Staff Picks: Our Favorite Writing Resources in 2023
Written by Camryn Flowers
In 2020, we made a blog post highlighting the team’s favorite writing tools. This time, we wanted to highlight not only tools, but resources as well! While some resources previously mentioned are listed here (they’re just that good), there are some new ones that deserve a mention.
Here at CamCat, we love Grammarly. It has tons of amazing features that everyone can benefit from. Aside from the standard spelling, grammar, style, and tone checks, Grammarly also scans your documents for plagiarism. There are some features that are locked behind a premium subscription, but even the basic version can improve your document. Another cool feature, offered to both free and premium users, is the weekly insights email Grammarly sends out. It tracks your writing streak, shows you how many words it analyzed for you, your accuracy, how many unique words you used, and even your most repeated mistakes! And it can do all this (aside from the email of course) in your browser. If you use Chrome, it’s available as an extension.
If your writing is full of clichés, and you’re sick of banging your head against a brick wall to try and avoid them, try Cliché Finder. It’s free and easy to use. It just scans your text and identifies any clichés, easy as pie!
Writing is hard. Trying to make the words go the way you want them to is even harder. Sometimes, you overcomplicate a sentence or use too many adverbs. Hemingway is an app that scans your text/documents for readability. It also has the capability to export in numerous formats, publish directly to WordPress and Medium, and format into HTML for webpages.
We’ve all seen the MasterClass ads for Gordon Ramsey teaching us to cook, but did you know that there are 20 Writing MasterClasses available? You can learn from N. K. Jemisin, Neil Gaiman, Margaret Atwood, and more! You simply pick how much learning you wish to do in a week and pick the writing course you want, and you’re ready to start learning!
The last time we talked about ProWritingAid, it was to highlight their in-depth reports on common writing mistakes like alliteration and clichés. Similar to the aforementioned tools, ProWritingAid has its own prose checker, MasterClasses, and is available in numerous applications. Sometimes, they even run sessions for writers, and next week (April 24th–27th) they will be running Crime Writers’ Week.
Crime Writers’ Week will host 20 free sessions about, you guessed it, crime writing. Signup is available now and if you can’t make it live there will be a free replay available afterwards!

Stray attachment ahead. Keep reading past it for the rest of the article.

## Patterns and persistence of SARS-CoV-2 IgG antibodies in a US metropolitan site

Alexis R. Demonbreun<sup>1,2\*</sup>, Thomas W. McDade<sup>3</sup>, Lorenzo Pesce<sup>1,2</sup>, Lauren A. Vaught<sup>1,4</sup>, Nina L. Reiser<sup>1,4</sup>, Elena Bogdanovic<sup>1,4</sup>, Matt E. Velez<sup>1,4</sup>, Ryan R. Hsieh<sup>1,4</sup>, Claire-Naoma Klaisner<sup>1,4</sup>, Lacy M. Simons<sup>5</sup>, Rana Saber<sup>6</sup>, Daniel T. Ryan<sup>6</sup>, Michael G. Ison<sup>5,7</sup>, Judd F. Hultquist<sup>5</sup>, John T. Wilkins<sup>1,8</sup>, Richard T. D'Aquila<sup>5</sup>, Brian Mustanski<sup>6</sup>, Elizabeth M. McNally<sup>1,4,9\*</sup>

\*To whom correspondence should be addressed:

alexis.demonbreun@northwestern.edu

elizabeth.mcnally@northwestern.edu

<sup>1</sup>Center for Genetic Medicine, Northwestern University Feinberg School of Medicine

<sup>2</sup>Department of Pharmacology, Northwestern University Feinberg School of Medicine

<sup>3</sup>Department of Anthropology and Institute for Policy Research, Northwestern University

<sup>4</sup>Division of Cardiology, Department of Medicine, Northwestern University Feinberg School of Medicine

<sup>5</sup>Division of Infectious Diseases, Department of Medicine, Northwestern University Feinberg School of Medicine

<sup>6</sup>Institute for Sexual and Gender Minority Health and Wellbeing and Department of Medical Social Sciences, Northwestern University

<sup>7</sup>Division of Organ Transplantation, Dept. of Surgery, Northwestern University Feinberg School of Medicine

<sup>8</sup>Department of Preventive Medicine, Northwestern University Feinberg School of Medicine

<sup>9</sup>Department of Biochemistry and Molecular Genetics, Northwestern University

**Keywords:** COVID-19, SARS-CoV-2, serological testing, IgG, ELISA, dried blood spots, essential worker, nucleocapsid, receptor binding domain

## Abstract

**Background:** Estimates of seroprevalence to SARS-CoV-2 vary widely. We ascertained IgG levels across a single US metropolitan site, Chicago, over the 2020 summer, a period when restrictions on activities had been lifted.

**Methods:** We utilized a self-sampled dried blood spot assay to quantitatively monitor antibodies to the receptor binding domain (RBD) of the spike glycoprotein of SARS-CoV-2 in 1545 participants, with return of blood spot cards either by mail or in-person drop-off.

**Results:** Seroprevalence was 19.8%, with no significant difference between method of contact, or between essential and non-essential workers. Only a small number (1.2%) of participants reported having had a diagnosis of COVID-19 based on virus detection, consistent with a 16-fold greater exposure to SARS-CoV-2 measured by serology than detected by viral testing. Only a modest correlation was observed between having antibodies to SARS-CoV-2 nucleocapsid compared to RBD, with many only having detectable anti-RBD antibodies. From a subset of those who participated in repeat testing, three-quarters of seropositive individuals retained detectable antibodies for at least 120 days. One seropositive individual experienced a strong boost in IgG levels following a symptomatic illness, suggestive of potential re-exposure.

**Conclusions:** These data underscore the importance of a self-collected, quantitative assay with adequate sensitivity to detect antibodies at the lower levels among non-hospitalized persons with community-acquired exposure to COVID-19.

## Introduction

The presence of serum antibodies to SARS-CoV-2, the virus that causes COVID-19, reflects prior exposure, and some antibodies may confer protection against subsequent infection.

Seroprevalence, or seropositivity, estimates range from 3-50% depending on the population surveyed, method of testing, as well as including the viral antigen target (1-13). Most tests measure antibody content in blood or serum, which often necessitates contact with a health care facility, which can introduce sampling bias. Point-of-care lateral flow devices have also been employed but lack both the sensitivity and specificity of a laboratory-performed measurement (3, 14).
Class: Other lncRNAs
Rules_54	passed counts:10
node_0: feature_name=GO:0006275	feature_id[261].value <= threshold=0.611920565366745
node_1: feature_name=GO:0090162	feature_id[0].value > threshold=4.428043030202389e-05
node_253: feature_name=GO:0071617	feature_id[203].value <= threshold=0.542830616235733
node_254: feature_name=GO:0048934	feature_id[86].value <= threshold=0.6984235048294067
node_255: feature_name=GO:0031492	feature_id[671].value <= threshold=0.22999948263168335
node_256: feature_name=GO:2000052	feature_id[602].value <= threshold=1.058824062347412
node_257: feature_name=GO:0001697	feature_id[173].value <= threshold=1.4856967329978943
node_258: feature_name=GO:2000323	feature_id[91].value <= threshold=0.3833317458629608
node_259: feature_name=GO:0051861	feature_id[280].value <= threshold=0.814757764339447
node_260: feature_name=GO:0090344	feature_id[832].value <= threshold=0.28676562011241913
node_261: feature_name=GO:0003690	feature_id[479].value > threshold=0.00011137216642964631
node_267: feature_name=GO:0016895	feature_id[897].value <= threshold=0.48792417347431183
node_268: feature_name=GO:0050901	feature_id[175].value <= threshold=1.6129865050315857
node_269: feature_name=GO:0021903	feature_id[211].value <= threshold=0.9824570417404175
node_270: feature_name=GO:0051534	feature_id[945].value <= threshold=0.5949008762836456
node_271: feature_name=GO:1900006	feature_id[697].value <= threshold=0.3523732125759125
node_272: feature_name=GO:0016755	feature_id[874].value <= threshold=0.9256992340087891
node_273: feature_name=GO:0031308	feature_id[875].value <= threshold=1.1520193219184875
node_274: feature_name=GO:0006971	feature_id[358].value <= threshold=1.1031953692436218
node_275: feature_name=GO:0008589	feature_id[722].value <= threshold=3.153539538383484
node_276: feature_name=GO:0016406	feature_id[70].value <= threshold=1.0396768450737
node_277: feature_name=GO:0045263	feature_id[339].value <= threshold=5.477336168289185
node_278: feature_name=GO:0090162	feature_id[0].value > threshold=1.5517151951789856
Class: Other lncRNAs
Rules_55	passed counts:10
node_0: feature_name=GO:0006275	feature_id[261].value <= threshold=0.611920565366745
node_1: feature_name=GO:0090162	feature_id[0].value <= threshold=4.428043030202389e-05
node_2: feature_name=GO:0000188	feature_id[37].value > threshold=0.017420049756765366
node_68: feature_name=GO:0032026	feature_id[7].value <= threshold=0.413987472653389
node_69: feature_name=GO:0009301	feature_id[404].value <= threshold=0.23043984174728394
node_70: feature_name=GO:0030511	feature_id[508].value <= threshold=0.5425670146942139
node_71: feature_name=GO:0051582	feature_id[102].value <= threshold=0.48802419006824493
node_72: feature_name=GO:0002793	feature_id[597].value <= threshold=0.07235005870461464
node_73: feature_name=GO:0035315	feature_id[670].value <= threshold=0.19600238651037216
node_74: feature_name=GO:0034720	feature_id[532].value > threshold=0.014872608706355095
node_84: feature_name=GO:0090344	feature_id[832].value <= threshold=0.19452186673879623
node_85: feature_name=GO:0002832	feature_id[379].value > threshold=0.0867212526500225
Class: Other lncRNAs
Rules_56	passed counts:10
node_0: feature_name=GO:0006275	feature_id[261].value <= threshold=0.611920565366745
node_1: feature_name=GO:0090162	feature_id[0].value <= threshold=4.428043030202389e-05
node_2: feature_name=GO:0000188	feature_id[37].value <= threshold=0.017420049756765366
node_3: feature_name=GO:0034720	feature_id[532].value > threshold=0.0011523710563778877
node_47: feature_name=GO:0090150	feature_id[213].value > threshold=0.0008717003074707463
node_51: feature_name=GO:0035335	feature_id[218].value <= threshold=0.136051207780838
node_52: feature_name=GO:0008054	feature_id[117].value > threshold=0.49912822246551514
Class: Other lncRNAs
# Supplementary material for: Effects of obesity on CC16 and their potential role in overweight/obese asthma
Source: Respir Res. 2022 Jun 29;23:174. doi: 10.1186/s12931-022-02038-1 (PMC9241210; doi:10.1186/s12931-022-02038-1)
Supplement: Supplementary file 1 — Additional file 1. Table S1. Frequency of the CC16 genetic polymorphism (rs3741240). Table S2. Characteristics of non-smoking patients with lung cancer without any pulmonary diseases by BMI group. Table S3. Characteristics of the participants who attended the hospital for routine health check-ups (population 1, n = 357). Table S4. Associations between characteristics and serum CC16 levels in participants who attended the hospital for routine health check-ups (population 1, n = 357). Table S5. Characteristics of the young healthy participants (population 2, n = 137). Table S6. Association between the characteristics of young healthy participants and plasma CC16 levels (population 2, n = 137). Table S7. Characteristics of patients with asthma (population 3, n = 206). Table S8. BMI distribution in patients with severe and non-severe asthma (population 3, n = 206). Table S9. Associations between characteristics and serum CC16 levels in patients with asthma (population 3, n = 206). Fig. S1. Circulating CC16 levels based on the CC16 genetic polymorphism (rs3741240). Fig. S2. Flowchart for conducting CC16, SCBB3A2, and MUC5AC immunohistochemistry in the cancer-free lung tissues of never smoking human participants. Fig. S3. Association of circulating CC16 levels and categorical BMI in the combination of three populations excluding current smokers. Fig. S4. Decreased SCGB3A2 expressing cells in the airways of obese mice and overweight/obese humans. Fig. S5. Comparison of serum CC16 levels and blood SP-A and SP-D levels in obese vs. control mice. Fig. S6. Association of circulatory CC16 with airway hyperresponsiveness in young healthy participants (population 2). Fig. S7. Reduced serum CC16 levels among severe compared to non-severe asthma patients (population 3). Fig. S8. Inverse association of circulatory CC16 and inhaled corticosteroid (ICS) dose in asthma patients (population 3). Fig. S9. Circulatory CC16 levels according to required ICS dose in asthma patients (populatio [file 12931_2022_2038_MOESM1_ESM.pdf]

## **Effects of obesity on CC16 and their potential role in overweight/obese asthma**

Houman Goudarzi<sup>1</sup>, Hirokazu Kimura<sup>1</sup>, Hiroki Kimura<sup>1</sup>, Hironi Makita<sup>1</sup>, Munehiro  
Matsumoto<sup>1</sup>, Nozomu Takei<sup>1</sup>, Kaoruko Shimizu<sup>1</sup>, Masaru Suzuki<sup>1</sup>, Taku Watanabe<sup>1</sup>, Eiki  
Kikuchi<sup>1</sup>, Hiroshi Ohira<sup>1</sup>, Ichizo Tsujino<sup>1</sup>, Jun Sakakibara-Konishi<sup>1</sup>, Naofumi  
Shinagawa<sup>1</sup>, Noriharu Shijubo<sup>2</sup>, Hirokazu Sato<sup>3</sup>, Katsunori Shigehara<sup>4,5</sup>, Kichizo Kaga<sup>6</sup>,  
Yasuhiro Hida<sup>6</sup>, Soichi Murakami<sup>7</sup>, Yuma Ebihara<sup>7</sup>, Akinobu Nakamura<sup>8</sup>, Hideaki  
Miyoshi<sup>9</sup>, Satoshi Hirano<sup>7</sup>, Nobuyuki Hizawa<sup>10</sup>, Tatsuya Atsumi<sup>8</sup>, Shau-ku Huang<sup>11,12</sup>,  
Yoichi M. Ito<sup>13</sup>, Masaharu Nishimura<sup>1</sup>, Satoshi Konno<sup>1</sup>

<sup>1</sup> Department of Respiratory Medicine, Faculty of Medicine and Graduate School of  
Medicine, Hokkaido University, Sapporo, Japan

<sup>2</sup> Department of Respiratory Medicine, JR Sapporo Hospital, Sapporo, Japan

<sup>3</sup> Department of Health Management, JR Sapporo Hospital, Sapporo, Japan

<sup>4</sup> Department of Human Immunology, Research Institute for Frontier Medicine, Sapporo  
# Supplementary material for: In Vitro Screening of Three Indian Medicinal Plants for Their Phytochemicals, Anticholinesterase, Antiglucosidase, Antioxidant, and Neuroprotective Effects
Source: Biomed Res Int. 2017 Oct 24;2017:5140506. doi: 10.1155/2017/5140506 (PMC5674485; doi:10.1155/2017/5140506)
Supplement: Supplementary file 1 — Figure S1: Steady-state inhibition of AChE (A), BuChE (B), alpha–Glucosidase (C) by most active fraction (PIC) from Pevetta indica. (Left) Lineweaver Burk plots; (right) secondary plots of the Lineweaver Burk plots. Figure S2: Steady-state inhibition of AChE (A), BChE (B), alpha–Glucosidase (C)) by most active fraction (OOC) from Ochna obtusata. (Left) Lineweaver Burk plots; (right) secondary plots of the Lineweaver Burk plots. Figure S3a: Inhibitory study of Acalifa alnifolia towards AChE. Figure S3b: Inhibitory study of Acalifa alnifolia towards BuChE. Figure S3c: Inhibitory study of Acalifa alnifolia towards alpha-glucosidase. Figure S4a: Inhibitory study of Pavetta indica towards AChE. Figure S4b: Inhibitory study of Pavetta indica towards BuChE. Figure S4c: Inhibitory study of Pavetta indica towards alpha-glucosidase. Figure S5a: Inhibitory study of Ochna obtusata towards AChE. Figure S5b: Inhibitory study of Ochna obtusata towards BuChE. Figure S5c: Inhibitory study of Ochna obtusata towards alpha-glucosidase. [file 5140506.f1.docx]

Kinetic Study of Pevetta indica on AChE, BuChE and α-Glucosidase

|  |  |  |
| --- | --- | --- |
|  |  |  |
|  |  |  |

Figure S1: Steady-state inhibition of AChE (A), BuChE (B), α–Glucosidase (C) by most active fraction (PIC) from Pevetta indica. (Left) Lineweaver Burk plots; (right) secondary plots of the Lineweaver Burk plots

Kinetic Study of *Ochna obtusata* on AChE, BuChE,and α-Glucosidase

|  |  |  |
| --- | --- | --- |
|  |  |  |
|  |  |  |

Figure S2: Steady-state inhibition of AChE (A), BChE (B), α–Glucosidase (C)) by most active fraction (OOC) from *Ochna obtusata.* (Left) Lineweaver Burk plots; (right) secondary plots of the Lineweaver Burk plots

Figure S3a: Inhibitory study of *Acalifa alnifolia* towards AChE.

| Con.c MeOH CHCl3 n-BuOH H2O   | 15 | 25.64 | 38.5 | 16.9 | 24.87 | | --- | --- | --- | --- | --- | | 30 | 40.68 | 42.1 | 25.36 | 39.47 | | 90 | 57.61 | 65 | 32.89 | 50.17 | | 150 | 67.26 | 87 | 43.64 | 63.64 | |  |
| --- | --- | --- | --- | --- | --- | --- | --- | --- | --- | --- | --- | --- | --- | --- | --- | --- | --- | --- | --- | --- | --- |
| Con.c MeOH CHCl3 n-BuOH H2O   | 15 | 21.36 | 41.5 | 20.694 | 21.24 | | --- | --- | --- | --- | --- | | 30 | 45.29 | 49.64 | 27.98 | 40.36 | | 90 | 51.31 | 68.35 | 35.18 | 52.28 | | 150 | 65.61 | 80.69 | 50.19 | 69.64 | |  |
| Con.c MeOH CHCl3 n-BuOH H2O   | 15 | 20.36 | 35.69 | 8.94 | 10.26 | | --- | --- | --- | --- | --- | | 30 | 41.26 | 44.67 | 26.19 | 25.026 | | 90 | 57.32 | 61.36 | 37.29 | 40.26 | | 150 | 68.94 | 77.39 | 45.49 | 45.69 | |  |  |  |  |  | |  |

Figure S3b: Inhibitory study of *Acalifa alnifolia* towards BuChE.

No shade to the big boys like Scrivener and Ulysses, but sometimes the greatest tools are the simplest. Google Docs, and its umbrella, Google Drive, offer excellent file-sharing capabilities, ease of use, simplified tools, outlines, and more. The best part? It’s free!
If you struggle with finding time to write, allow us to introduce you to the Marinara Timer! It offers three “flavors” of timer. First is the Pomodoro Timer. You work for three 25-minute cycles, take a 5-minute break, then after the 4th Pomodoro cycle, you take a 15-minute break. However, if this is too rigid for you, or if life just simply doesn’t allow you to work on that schedule, they’ve come up with a custom timer. You can customize each period and break length to best suit your needs. It works great for writing or if you really need to motivate yourself to fold the laundry. Last but not least is the Kitchen Timer. You know the one. Set a time, and let it run out. Easy peasy.
Rocketbook is arguably one of the best notebooks on the market for writers. Using the erasable Pilot Frixion pens, you can take notes, write, and even sketch your characters. Then, with a mobile device, scan them to your computer. When you’ve filled all the pages or just want to start over, simply wipe the pages with a damp cloth, let them dry, and you’re good to go! The Rocketbook Fusion is small enough to fit inside small backpacks and purses, making it easy to carry around and take notes when you need to. It also helps cut down on the use of sticky notes, as all my notes are in one place and easily transferable to my computer.
Writing is hard. Art is hard. Creating a world by pulling ideas from your head is an extreme challenge. Tools only get us so far. They don’t teach you to write, but they sure do make it easier to do so. We at CamCat hope the tools we’ve used and continue to use are able to help you share your idea with the world.
* Note: we have some affiliate links in this post. They help us pay for lots of pet treats.